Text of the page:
Omicron, Iran, Stephen Sondheim: your weekend briefing


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Here are the best stories of the week and a glimpse into the future.

1. A new variant of the coronavirus has the world on edge: Omicron.

Countries around the world are scrambling to stop the spread after the WHO described Omicron as a “variant of concern”, its most serious category. The WHO said the variant, first detected in southern Africa, carries a number of genetic mutations that could allow it to spread rapidly, possibly even among those vaccinated. But scientists say vaccines seem likely to work against it.

Omicron has already been spotted in Hong Kong and Belgium and may well be in other countries outside of Africa. Germany, Italy and Britain reported cases yesterday. African officials have castigated the new travel bans, saying the continent was once again under the brunt of panicked Western countries’ policies and that the hoarding of vaccines had helped pave the way for this crisis.

2. Democrats struggle to energize their base despite big wins.

Even as President Biden wins victories like the bipartisan $ 1 trillion infrastructure bill, Democrats have warned that many of their staunch supporters see inaction on key party priorities such as voting rights, immigration and criminal justice reform. This has left the party base dissatisfied and demotivated ahead of next year’s midterm elections.

Growing frustration has reignited a debate over electoral strategy that has raged within the party since 2016.

Biden’s approval ratings slipped in the mid-1940s, even though virtually all of his legislation enjoys majority support in the same surveys. Nate Cohn explains the disconnection.


3. Israel and Iran have been engaged for years in a secret cyber war against each other’s army. Now the shadow war is spreading and striking millions of ordinary citizens.

In recent weeks, a cyberattack on Iran’s fuel distribution system has crippled the country’s 4,300 service stations. It took 12 days for the service to be fully restored. Days later, cyber attacks in Israel hit a major medical center and a popular LGBTQ dating site. The latest attacks are believed to be the first to cause widespread damage to large numbers of civilians.

As hopes of a resumption of the Iran nuclear deal fade ahead of talks due to start in Vienna tomorrow, such attacks have only proliferated.

Separately, Iran has violently cracked down on protests against growing water shortages. Weather experts say 97% of the country faces water scarcity issues.


4. Hondurans go to the polls for what could be their country’s most important elections in over a decade.

Voters will choose a new president, a political contest that has been marred by violence and is closely watched in Washington. Polls show a close race between Nasry Asfura, 63, a charismatic mayor, and Xiomara Castro, the leader of a major protest movement and the wife of a former president. If elected, she could become the country’s first female head of state.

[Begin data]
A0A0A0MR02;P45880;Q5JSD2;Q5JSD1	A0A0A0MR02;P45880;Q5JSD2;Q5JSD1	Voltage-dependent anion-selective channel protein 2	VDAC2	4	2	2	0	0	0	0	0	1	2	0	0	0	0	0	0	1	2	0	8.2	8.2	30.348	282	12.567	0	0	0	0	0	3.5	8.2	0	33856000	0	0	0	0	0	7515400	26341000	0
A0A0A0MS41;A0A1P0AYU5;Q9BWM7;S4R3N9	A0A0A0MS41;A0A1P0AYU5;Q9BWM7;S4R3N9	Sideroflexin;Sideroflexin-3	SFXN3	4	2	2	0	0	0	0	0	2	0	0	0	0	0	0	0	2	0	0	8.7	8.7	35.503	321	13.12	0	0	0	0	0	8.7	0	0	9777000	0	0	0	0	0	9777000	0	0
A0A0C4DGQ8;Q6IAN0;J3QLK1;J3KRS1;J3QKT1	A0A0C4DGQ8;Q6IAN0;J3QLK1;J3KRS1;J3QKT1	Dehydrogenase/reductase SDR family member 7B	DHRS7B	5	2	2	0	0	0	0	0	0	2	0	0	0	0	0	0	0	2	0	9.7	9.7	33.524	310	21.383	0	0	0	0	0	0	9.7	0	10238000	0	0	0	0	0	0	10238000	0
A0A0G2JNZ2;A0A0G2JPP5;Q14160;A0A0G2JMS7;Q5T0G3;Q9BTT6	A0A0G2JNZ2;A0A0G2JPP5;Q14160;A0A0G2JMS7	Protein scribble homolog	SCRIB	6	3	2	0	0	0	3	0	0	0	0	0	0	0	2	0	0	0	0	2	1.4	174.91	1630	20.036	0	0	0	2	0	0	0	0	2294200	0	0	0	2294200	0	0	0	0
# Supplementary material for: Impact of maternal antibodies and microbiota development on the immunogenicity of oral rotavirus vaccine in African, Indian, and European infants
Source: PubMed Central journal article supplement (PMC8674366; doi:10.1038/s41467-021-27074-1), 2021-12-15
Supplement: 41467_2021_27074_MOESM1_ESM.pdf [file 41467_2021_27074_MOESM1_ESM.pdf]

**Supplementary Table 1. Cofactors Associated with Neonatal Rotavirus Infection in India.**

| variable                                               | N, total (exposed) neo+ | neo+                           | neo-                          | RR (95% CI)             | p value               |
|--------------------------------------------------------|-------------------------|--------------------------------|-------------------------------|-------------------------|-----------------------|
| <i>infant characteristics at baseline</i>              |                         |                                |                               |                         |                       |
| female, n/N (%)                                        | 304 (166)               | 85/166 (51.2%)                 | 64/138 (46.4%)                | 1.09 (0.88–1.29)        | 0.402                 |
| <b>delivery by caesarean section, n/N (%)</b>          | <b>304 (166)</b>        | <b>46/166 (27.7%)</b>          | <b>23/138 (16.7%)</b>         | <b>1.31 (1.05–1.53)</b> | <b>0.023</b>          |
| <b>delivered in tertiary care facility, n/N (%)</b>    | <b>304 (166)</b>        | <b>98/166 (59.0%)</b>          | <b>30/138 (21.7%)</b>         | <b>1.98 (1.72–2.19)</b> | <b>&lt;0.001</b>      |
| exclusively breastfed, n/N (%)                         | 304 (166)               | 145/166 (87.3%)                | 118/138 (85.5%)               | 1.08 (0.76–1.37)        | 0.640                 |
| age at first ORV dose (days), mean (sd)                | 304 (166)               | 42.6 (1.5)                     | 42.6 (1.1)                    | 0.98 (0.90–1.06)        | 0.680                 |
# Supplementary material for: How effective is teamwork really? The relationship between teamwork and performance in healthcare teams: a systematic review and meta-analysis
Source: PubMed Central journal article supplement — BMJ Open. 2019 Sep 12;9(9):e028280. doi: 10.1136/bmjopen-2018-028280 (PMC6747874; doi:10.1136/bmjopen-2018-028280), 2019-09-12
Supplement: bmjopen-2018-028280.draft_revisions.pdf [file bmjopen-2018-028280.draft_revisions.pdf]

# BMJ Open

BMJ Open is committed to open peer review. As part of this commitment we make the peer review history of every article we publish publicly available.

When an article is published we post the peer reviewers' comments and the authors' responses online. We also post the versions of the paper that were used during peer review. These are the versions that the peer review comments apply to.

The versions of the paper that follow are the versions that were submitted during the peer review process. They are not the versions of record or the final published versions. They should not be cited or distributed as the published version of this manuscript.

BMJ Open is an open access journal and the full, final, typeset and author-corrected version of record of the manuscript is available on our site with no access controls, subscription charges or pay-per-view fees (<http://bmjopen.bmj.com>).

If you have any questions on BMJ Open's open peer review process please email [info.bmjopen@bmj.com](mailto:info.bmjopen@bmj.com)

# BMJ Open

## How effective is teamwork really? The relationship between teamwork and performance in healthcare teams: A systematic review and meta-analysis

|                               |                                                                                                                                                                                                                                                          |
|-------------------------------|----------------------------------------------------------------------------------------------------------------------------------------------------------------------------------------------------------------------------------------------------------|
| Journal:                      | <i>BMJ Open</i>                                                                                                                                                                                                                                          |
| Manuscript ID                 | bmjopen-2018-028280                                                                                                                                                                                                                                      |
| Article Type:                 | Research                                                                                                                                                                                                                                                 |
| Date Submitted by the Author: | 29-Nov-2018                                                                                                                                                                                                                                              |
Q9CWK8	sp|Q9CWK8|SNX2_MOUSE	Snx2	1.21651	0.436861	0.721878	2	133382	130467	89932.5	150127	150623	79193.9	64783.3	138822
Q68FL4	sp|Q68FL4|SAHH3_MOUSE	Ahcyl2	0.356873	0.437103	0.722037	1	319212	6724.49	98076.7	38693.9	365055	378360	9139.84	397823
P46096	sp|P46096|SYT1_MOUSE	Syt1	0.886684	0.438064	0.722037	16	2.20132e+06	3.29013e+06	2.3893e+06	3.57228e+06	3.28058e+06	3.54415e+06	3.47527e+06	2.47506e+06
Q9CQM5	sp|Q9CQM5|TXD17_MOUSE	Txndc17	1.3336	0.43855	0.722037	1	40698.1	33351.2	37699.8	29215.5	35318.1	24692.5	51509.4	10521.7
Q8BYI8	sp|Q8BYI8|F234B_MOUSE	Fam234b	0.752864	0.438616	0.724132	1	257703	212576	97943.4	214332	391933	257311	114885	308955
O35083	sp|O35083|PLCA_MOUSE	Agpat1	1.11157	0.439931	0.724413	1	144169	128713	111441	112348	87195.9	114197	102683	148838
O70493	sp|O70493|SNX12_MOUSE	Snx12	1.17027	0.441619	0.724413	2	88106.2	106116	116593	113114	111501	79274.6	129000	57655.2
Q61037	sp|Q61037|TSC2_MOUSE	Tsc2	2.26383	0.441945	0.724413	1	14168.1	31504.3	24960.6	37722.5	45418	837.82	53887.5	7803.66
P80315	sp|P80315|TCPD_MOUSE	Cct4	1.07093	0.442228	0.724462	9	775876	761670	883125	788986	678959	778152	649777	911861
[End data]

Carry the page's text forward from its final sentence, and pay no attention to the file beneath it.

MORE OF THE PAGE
The result could have ramifications for the Biden administration, which focuses on controlling immigration and fighting corruption in Central America.

In Brazil, Former President Luiz Inácio Lula da Silva has fought off a flurry of corruption cases and is planning a comeback ahead of next year’s presidential race.


6. For years, Uber’s intelligence service has acted behind the scenes. Then, a former employee accused his colleagues of illegal activities.

Uber, like many other tech companies, has recruited a team of former CIA officers, law enforcement officials and cybersecurity experts to gather intelligence on the threats and competition the company is facing. confronted. But in 2017, one of the team turned on the others, accusing them of stealing trade secrets, bugging and destroying evidence. Four years later, he reconsidered the allegations and admitted they weren’t true.

Drowned in other scandals, Uber had denied the allegations, but failed to set the record straight on behalf of the intelligence team. Some of the men involved spoke to The Times about this chapter of their career and its aftermath for the first time.

7. Brian Shelton may be the first person to be cured of type 1 diabetes. Diabetes experts were astonished but urged caution.

Shelton was the first patient to receive an infusion of cells grown in the lab that produce insulin. Now her body automatically controls her insulin and blood sugar levels. The study is continuing, but the results so far have given experts hope for the 1.5 million Americans living with the disease.

“It’s a whole new life,” Shelton said. “It’s like a miracle.”


8. From turkey to latkes.

Chanukah starts tonight, and while there will be plenty of potato pancakes this week, Joan Nathan suggests this matzo dumpling stew. During his long career as a writer on Jewish cuisine, Nathan has focused on finding lost recipes. But the inspiration for this recipe came from a group of mothers sharing recipes in the playground. We have lots of other recipes, too much.

9. As winter approaches, there is at least one place where plants will still grow: a terrarium.

These miniature landscapes allow you to expand your collection of houseplants far beyond the typical houseplants. The first thing to keep in mind when building your own is that the same rules that apply to maintaining your garden outdoors apply to these miniature gardens, writes our gardening expert Margaret Roach.

You’ll know you’ve built a good terrarium when “you feel the ‘I want to live here’ in your chest,” said one terrarium designer.

For more inspiration, these aren’t your traditional holiday wreaths. T Magazine spoke to a new generation of florists who make garlands from dried flowers, herbs and herbs.



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